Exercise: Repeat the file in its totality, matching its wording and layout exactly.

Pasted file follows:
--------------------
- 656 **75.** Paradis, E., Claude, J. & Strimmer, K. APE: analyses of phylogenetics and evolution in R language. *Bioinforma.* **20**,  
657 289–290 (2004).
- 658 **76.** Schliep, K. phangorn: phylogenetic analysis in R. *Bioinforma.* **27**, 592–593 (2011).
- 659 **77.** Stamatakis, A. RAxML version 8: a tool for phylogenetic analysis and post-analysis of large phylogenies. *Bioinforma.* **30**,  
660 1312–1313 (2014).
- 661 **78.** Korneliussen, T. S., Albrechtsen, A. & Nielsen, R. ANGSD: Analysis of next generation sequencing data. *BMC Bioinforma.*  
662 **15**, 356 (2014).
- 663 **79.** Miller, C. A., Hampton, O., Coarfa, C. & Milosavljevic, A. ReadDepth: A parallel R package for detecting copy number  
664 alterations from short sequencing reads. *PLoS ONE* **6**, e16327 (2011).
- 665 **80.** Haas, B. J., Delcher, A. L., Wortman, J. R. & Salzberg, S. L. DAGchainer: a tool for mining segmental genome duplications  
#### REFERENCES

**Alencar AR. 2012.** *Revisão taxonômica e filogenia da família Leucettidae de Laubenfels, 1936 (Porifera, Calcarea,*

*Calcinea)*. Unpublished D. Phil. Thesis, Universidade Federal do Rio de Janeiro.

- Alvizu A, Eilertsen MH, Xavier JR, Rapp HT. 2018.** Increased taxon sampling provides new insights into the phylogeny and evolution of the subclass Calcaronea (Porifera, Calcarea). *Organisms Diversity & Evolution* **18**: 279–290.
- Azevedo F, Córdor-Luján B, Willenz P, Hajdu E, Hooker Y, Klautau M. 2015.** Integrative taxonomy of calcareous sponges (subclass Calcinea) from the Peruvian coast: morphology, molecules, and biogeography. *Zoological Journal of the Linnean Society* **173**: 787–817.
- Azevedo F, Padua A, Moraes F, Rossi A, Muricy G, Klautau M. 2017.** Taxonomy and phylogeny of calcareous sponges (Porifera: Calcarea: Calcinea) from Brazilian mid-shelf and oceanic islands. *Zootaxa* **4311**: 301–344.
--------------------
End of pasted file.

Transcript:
- 656 **75.** Paradis, E., Claude, J. & Strimmer, K. APE: analyses of phylogenetics and evolution in R language. *Bioinforma.* **20**,  
657 289–290 (2004).
- 658 **76.** Schliep, K. phangorn: phylogenetic analysis in R. *Bioinforma.* **27**, 592–593 (2011).
- 659 **77.** Stamatakis, A. RAxML version 8: a tool for phylogenetic analysis and post-analysis of large phylogenies. *Bioinforma.* **30**,  
660 1312–1313 (2014).
- 661 **78.** Korneliussen, T. S., Albrechtsen, A. & Nielsen, R. ANGSD: Analysis of next generation sequencing data. *BMC Bioinforma.*  
662 **15**, 356 (2014).
- 663 **79.** Miller, C. A., Hampton, O., Coarfa, C. & Milosavljevic, A. ReadDepth: A parallel R package for detecting copy number  
664 alterations from short sequencing reads. *PLoS ONE* **6**, e16327 (2011).
- 665 **80.** Haas, B. J., Delcher, A. L., Wortman, J. R. & Salzberg, S. L. DAGchainer: a tool for mining segmental genome duplications  
#### REFERENCES

**Alencar AR. 2012.** *Revisão taxonômica e filogenia da família Leucettidae de Laubenfels, 1936 (Porifera, Calcarea,*

*Calcinea)*. Unpublished D. Phil. Thesis, Universidade Federal do Rio de Janeiro.

- Alvizu A, Eilertsen MH, Xavier JR, Rapp HT. 2018.** Increased taxon sampling provides new insights into the phylogeny and evolution of the subclass Calcaronea (Porifera, Calcarea). *Organisms Diversity & Evolution* **18**: 279–290.
- Azevedo F, Córdor-Luján B, Willenz P, Hajdu E, Hooker Y, Klautau M. 2015.** Integrative taxonomy of calcareous sponges (subclass Calcinea) from the Peruvian coast: morphology, molecules, and biogeography. *Zoological Journal of the Linnean Society* **173**: 787–817.
- Azevedo F, Padua A, Moraes F, Rossi A, Muricy G, Klautau M. 2017.** Taxonomy and phylogeny of calcareous sponges (Porifera: Calcarea: Calcinea) from Brazilian mid-shelf and oceanic islands. *Zootaxa* **4311**: 301–344.